Flight of the Falcon by Susan Geason
Little Hare 2006 isbn:1921049367

Living Next to Lulah, by Nette Hilton

Reviewed by Dale Harcombe

As the seventh born of the seventh born, Ari Greimshaw believes she has the gift of second sight- a gift she doesn’t want. When her friend’s annoying little brother Colin Bucket, better known as Fungus, dies Ari blames herself. In a few short sentences on the first page, the reader is drawn in to the situation Ari finds herself in.

From there, the story switches between the present and the past with the past being written in italics so readers are clear about what is happening and when.

If it’s not bad enough that she blames herself for Colin’s death, Ari finds the relationship between Lulah, who has been her next door neighbour and best friend for almost as long as she can remember, deteriorating day by day.

This novel gives a good picture of what can happen when misunderstandings, jealousy, and boyfriends enter the picture. Girls in particular, will relate to this story about growing up and the way ideas and even close friendships change over time especially as suspicions grow.

Nette Hilton has been teaching and writing for many years, and it shows in the way she uses language eg the ‘black car that must have arrived on cushioned wheels’ or the sky ‘dark and tight with promise.’ She is also expert at withholding information till the appropriate time in the story. The result is a tale of suspense and secrets that will keep the reader turning the pages to find out what happens.

Living Next to Lulah, by Nette Hilton
Angus&Robertson an imprint of HarperCollins Publishers, 2006
RRP $16.99AUD

Octavius O’Malley and the Mystery of the Exploding Cheese, by Alan Sunderland

Reviewed by Dale Harcombe

If Living Next to Lulah (by Nette Hilton, also newly released by Harper Collins) appeals mostly to girls, I have no doubt boys will gobble up this quirky tale of Octavius O’Malley and the Mystery of the Exploding Cheese.Octavius is a senior investigator of the police force who is trying to track down a criminal gang. Nothing so unusual about that perhaps, except that Octavius (Ocko to his friends) is a rat. A furry rat that hates cheese but loves doughnuts. He is trying to get a lead to capture the notorious River Road Mouse Gang.

This book is big on slapstick humour. The scene on page 6 is very funny. There are others, interspersed with jokes and puns like that of Kurt Remarque the biggest property owner in Rodent City.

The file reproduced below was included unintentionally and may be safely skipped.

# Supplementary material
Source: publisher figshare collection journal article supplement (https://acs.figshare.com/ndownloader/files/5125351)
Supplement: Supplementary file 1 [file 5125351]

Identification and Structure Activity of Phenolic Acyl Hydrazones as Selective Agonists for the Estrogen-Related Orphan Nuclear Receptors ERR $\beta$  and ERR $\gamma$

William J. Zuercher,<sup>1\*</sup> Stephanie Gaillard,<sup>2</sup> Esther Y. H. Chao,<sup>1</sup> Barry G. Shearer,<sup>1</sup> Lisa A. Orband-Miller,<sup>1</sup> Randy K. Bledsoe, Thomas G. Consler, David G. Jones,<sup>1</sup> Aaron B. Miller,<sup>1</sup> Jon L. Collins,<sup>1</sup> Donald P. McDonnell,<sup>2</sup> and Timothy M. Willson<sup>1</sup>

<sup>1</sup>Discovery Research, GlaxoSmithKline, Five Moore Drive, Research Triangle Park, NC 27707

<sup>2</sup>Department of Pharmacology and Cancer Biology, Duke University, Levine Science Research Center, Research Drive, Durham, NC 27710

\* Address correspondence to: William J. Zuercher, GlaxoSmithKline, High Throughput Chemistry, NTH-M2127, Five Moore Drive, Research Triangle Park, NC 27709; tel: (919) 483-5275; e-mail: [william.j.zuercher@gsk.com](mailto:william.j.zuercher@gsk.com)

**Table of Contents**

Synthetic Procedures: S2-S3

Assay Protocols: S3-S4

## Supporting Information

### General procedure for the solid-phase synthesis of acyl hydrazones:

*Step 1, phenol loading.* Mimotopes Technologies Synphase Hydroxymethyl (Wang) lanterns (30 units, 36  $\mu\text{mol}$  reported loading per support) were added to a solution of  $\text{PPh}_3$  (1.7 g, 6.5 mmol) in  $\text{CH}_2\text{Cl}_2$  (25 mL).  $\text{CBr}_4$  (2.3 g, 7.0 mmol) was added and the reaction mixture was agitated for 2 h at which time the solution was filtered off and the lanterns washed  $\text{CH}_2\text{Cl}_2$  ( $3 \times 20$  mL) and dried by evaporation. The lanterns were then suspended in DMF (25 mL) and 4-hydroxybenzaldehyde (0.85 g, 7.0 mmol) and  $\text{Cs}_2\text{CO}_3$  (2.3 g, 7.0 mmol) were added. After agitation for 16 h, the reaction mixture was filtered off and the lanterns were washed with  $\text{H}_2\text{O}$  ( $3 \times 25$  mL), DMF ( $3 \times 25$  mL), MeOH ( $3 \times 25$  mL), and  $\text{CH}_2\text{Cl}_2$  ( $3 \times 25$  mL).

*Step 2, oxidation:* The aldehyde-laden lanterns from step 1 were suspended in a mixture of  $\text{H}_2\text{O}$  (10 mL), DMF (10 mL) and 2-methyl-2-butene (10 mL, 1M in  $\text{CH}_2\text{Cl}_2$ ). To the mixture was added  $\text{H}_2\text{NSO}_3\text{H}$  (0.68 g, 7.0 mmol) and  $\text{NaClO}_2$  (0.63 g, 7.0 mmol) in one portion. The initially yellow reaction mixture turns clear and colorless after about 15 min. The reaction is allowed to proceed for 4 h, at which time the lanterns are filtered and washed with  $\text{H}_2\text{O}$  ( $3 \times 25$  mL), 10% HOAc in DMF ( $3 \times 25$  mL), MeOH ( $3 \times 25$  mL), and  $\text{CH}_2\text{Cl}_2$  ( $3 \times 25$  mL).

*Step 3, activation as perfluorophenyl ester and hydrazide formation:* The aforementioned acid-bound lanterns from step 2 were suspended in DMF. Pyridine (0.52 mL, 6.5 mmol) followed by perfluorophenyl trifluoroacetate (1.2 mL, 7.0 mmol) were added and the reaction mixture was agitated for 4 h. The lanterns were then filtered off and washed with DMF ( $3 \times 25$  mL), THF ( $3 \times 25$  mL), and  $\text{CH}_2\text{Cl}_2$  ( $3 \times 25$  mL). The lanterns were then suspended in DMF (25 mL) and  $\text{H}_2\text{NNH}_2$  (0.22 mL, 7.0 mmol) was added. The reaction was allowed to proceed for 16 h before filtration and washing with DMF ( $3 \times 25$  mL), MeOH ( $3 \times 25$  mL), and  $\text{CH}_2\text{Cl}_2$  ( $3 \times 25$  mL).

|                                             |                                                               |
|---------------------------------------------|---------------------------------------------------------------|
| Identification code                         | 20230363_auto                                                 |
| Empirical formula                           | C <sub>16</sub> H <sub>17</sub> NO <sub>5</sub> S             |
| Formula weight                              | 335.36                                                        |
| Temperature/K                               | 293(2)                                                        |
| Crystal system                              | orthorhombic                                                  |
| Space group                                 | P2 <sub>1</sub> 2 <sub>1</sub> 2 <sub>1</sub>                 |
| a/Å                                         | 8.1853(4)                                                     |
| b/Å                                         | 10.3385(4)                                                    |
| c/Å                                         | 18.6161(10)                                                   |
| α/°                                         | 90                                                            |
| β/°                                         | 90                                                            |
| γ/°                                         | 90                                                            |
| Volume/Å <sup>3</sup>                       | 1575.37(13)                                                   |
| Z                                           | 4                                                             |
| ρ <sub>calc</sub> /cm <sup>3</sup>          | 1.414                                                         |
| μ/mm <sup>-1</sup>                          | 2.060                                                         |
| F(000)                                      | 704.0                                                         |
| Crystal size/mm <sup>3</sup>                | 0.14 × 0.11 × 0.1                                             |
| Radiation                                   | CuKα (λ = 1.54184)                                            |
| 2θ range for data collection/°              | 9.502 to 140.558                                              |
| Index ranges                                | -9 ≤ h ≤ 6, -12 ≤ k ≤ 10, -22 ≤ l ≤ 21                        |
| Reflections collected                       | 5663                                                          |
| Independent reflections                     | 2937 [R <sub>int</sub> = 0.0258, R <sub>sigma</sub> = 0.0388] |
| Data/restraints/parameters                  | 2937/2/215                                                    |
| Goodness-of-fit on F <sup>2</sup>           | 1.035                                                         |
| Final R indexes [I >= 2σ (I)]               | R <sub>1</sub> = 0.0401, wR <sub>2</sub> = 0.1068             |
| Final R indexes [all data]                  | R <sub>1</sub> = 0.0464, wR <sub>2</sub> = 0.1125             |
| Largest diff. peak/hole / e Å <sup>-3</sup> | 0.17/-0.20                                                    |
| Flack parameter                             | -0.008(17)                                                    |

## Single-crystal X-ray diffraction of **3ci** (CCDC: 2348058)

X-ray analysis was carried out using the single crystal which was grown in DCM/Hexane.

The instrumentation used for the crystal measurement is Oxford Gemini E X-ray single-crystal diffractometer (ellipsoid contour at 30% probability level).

Something about the case of the exploding cheese factory concerns Ocko but he is unprepared for what he discovers. In the process of solving the crime and stopping an even worse crime, that of poisoning all the rats and mice in Rodent City, Ocko is forced into some strange liaisons.

Filled with action, humour and amusing black and white illustrations throughout that add to the text, this book is sure to be a hit with primary aged children, in particular boys. I believe teachers and librarians will find this disappearing from classroom and library shelves as soon as it is returned. The novel is not all humour and action though. In the hands of a skilful educator, the way the monkey people (translate humans) look down on rats and the rats have a similar attitude to and oppress mice, could lead into an interesting discussion about society and the way one group of people oppresses another.

This is the first in a series of adventures featuring Octavius O’Malley.

Octavius O’Malley and the Mystery of the Exploding Cheese, by Alan Sunderland
Angus&Robertson an imprint of HarperCollins Publishers, 2006. ARP $14.99AUD

The Freewheelers – Unleashed!by J.A. Mawter

Reviewed by Dale Harcombe

This book is the first of a new series and reminiscent of the Secret Seven and Famous Five books many of us remember from childhood. The difference is this is a group of smart, multicultural kids from varied family situations in Australia. In the four friends, who make up the Freewheelers, two are male, two female and two are twins. They hang out together, spending a lot of their time doing tricks on their bicycles or just hanging out at their hideout.

When the group consisting of Bryce, Mio, Clem and Darcy, see a beagle being mistreated they attempt to rescue it but the beagle disappears. Then other dogs go missing. What is going on? The Freewheelers are determined to find out.

These high spirited twins and their friends come across as real, believable children in an urban setting. They are children who love mystery, games and adventure. Each character is distinctly drawn with interesting characteristics, like Bryce who has a song to fit every occasion. The writing is full of action and excitement that will quickly draw readers in not only to this book but will have readers around the 9-12 age group waiting eagerly for others in the series to come out. A great read.

The Freewheelers – Unleashed!by J.A. Mawter
HarperCollins, 2006 Paperback RRP $14.95

Tobruk, by Peter Fitzsimons